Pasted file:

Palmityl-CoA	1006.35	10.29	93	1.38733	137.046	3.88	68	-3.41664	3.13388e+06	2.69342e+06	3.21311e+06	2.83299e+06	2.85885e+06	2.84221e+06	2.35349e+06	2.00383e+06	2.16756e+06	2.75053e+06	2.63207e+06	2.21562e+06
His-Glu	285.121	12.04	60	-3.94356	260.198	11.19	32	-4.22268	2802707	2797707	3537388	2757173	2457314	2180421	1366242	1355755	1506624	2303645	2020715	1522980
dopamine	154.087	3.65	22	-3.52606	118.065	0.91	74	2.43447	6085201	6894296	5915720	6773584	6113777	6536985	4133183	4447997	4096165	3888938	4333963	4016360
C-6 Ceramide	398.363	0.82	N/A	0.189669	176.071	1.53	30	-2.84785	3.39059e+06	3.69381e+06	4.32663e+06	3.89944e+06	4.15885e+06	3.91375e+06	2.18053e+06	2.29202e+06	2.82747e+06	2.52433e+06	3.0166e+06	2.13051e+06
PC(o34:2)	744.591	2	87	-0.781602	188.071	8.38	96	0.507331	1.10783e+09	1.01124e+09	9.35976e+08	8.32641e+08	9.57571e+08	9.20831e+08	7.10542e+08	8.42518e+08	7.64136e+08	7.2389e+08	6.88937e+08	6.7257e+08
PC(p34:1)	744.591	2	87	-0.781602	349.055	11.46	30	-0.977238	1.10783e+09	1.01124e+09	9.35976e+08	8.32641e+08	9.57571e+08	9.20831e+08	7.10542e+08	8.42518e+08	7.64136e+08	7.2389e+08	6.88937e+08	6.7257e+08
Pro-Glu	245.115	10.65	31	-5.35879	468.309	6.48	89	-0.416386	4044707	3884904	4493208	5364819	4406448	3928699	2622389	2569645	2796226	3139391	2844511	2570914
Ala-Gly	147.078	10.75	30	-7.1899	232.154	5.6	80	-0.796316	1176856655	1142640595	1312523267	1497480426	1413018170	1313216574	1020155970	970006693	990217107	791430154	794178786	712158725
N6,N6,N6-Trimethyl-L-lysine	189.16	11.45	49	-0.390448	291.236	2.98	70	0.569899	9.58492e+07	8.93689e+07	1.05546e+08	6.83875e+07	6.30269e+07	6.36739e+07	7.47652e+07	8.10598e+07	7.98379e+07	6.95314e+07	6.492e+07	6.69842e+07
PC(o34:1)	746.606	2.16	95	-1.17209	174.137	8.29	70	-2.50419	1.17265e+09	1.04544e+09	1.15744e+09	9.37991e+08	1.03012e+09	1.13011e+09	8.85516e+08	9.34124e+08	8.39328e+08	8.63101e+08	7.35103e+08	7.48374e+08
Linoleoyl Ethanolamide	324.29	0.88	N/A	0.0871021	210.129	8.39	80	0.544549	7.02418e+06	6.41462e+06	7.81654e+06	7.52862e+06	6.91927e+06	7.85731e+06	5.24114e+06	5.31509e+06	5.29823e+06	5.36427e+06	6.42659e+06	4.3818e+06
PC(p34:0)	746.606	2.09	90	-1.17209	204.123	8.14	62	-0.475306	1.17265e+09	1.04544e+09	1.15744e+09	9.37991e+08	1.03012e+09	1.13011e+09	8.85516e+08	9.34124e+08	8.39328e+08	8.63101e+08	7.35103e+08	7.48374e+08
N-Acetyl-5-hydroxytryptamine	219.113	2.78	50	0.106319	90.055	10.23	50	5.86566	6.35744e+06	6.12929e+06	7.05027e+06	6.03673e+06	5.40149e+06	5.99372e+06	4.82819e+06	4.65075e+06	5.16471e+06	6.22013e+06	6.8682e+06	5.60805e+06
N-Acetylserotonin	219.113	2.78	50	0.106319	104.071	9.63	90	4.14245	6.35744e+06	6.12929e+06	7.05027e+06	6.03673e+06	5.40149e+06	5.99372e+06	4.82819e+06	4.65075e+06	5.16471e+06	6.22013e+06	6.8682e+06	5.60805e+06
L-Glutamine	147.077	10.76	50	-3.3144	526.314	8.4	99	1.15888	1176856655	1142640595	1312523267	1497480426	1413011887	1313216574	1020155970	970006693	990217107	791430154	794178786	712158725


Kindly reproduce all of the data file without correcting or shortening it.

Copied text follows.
Palmityl-CoA	1006.35	10.29	93	1.38733	137.046	3.88	68	-3.41664	3.13388e+06	2.69342e+06	3.21311e+06	2.83299e+06	2.85885e+06	2.84221e+06	2.35349e+06	2.00383e+06	2.16756e+06	2.75053e+06	2.63207e+06	2.21562e+06
His-Glu	285.121	12.04	60	-3.94356	260.198	11.19	32	-4.22268	2802707	2797707	3537388	2757173	2457314	2180421	1366242	1355755	1506624	2303645	2020715	1522980
dopamine	154.087	3.65	22	-3.52606	118.065	0.91	74	2.43447	6085201	6894296	5915720	6773584	6113777	6536985	4133183	4447997	4096165	3888938	4333963	4016360
C-6 Ceramide	398.363	0.82	N/A	0.189669	176.071	1.53	30	-2.84785	3.39059e+06	3.69381e+06	4.32663e+06	3.89944e+06	4.15885e+06	3.91375e+06	2.18053e+06	2.29202e+06	2.82747e+06	2.52433e+06	3.0166e+06	2.13051e+06
PC(o34:2)	744.591	2	87	-0.781602	188.071	8.38	96	0.507331	1.10783e+09	1.01124e+09	9.35976e+08	8.32641e+08	9.57571e+08	9.20831e+08	7.10542e+08	8.42518e+08	7.64136e+08	7.2389e+08	6.88937e+08	6.7257e+08
PC(p34:1)	744.591	2	87	-0.781602	349.055	11.46	30	-0.977238	1.10783e+09	1.01124e+09	9.35976e+08	8.32641e+08	9.57571e+08	9.20831e+08	7.10542e+08	8.42518e+08	7.64136e+08	7.2389e+08	6.88937e+08	6.7257e+08
Pro-Glu	245.115	10.65	31	-5.35879	468.309	6.48	89	-0.416386	4044707	3884904	4493208	5364819	4406448	3928699	2622389	2569645	2796226	3139391	2844511	2570914
Ala-Gly	147.078	10.75	30	-7.1899	232.154	5.6	80	-0.796316	1176856655	1142640595	1312523267	1497480426	1413018170	1313216574	1020155970	970006693	990217107	791430154	794178786	712158725
N6,N6,N6-Trimethyl-L-lysine	189.16	11.45	49	-0.390448	291.236	2.98	70	0.569899	9.58492e+07	8.93689e+07	1.05546e+08	6.83875e+07	6.30269e+07	6.36739e+07	7.47652e+07	8.10598e+07	7.98379e+07	6.95314e+07	6.492e+07	6.69842e+07
PC(o34:1)	746.606	2.16	95	-1.17209	174.137	8.29	70	-2.50419	1.17265e+09	1.04544e+09	1.15744e+09	9.37991e+08	1.03012e+09	1.13011e+09	8.85516e+08	9.34124e+08	8.39328e+08	8.63101e+08	7.35103e+08	7.48374e+08
Linoleoyl Ethanolamide	324.29	0.88	N/A	0.0871021	210.129	8.39	80	0.544549	7.02418e+06	6.41462e+06	7.81654e+06	7.52862e+06	6.91927e+06	7.85731e+06	5.24114e+06	5.31509e+06	5.29823e+06	5.36427e+06	6.42659e+06	4.3818e+06
PC(p34:0)	746.606	2.09	90	-1.17209	204.123	8.14	62	-0.475306	1.17265e+09	1.04544e+09	1.15744e+09	9.37991e+08	1.03012e+09	1.13011e+09	8.85516e+08	9.34124e+08	8.39328e+08	8.63101e+08	7.35103e+08	7.48374e+08
N-Acetyl-5-hydroxytryptamine	219.113	2.78	50	0.106319	90.055	10.23	50	5.86566	6.35744e+06	6.12929e+06	7.05027e+06	6.03673e+06	5.40149e+06	5.99372e+06	4.82819e+06	4.65075e+06	5.16471e+06	6.22013e+06	6.8682e+06	5.60805e+06
N-Acetylserotonin	219.113	2.78	50	0.106319	104.071	9.63	90	4.14245	6.35744e+06	6.12929e+06	7.05027e+06	6.03673e+06	5.40149e+06	5.99372e+06	4.82819e+06	4.65075e+06	5.16471e+06	6.22013e+06	6.8682e+06	5.60805e+06
L-Glutamine	147.077	10.76	50	-3.3144	526.314	8.4	99	1.15888	1176856655	1142640595	1312523267	1497480426	1413011887	1313216574	1020155970	970006693	990217107	791430154	794178786	712158725